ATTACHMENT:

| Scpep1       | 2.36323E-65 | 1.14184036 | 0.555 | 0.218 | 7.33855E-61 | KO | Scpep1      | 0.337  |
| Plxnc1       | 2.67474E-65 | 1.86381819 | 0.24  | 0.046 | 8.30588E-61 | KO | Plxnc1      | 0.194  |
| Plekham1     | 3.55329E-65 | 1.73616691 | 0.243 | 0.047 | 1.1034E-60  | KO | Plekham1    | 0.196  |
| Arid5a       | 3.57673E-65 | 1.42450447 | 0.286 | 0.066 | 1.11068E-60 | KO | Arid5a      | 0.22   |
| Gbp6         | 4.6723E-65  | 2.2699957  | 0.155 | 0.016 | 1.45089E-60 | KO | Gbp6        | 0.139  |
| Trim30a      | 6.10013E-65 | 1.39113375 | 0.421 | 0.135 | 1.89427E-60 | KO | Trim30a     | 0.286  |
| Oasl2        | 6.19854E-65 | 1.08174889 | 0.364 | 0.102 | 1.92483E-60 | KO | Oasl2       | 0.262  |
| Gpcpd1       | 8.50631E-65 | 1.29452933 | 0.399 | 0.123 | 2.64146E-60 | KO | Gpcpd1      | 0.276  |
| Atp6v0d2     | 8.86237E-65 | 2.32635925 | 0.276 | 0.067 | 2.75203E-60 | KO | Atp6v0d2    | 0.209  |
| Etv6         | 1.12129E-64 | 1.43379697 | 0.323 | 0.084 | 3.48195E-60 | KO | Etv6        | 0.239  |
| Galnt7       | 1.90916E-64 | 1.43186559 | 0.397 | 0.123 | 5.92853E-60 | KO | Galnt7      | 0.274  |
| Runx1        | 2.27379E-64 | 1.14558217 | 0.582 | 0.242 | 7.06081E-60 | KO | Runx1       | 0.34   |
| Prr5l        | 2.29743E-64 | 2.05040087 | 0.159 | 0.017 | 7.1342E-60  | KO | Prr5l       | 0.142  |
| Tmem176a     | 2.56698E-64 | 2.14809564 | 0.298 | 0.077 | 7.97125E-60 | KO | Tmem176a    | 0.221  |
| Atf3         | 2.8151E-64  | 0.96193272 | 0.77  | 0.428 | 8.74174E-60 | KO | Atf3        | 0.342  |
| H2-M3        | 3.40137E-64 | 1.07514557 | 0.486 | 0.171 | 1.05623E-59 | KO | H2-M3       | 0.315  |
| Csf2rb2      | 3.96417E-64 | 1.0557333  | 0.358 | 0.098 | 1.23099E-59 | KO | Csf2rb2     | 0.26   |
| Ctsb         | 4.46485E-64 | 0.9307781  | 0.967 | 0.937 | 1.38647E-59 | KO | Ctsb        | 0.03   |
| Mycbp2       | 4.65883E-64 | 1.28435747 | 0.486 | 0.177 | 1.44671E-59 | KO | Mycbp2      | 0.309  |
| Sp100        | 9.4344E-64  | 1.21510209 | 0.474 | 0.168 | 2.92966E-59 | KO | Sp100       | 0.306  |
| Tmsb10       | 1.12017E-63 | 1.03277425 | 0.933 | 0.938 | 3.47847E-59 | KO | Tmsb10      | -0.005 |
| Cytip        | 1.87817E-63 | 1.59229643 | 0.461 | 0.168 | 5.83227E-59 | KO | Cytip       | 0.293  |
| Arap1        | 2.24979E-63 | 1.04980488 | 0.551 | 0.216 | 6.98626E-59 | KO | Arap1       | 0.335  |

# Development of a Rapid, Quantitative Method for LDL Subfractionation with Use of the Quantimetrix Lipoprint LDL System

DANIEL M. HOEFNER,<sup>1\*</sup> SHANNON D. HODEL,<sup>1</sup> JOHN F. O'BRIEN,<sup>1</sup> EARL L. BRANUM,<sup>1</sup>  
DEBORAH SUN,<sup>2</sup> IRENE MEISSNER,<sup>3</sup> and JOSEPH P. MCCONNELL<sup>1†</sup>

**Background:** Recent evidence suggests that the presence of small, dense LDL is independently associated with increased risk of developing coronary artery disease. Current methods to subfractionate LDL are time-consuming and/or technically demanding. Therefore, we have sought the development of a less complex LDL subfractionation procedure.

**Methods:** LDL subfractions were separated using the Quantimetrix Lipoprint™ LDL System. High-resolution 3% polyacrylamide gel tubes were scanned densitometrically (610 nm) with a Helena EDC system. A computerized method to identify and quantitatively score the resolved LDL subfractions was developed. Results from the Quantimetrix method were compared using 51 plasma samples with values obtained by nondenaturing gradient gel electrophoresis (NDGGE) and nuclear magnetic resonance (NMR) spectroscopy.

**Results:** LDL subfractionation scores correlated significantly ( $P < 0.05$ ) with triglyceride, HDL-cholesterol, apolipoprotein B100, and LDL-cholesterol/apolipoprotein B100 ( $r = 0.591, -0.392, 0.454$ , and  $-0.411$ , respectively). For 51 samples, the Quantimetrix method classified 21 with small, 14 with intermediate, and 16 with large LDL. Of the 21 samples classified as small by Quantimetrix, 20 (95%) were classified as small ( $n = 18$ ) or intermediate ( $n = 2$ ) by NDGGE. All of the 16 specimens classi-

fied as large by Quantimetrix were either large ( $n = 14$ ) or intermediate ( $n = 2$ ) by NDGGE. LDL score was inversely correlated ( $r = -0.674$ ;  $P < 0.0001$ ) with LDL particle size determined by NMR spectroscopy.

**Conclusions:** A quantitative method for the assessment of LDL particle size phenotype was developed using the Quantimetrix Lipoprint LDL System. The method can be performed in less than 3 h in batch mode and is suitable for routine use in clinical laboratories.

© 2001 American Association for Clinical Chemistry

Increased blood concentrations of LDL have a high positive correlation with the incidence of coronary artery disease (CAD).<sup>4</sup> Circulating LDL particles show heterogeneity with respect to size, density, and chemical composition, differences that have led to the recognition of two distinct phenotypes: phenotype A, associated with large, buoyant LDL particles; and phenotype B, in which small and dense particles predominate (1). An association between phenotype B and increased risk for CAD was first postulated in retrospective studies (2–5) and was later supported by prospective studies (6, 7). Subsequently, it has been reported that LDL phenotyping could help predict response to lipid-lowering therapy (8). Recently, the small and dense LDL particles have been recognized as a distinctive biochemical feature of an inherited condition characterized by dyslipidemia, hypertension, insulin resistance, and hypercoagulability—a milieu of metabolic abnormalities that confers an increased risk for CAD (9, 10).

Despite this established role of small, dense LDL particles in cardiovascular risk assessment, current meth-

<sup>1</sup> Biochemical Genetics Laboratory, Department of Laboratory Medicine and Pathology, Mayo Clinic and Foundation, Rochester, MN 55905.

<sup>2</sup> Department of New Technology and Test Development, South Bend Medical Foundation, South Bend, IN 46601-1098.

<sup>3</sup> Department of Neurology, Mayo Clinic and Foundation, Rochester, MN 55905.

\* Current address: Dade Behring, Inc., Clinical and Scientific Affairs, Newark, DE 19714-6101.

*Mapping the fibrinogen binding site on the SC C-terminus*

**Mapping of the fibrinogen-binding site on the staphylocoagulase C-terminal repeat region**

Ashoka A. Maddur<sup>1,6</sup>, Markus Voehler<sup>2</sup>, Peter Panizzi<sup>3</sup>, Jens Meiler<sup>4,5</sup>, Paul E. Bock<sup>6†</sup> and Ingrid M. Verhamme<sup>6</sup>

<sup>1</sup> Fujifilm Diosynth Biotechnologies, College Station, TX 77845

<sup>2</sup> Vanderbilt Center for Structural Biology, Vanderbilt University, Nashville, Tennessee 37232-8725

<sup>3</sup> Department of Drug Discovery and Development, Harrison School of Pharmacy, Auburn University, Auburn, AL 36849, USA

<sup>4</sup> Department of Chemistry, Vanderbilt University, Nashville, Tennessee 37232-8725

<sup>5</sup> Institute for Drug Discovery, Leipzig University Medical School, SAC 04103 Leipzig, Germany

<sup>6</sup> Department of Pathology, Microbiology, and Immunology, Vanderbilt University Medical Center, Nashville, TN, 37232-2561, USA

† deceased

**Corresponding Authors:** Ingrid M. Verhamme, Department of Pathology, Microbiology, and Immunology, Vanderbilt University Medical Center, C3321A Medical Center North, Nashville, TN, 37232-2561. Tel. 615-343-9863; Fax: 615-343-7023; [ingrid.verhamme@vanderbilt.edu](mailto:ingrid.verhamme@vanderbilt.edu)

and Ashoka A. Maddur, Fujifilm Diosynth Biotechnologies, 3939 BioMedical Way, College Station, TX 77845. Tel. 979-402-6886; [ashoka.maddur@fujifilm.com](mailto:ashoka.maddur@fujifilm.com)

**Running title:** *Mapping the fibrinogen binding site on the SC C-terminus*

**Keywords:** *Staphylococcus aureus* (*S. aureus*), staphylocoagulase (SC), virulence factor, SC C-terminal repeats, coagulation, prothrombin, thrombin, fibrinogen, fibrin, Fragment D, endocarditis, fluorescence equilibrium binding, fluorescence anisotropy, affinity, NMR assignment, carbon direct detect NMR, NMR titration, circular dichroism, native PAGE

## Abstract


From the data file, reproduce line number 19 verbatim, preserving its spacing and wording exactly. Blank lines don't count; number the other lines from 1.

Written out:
| Mycbp2       | 4.65883E-64 | 1.28435747 | 0.486 | 0.177 | 1.44671E-59 | KO | Mycbp2      | 0.309  |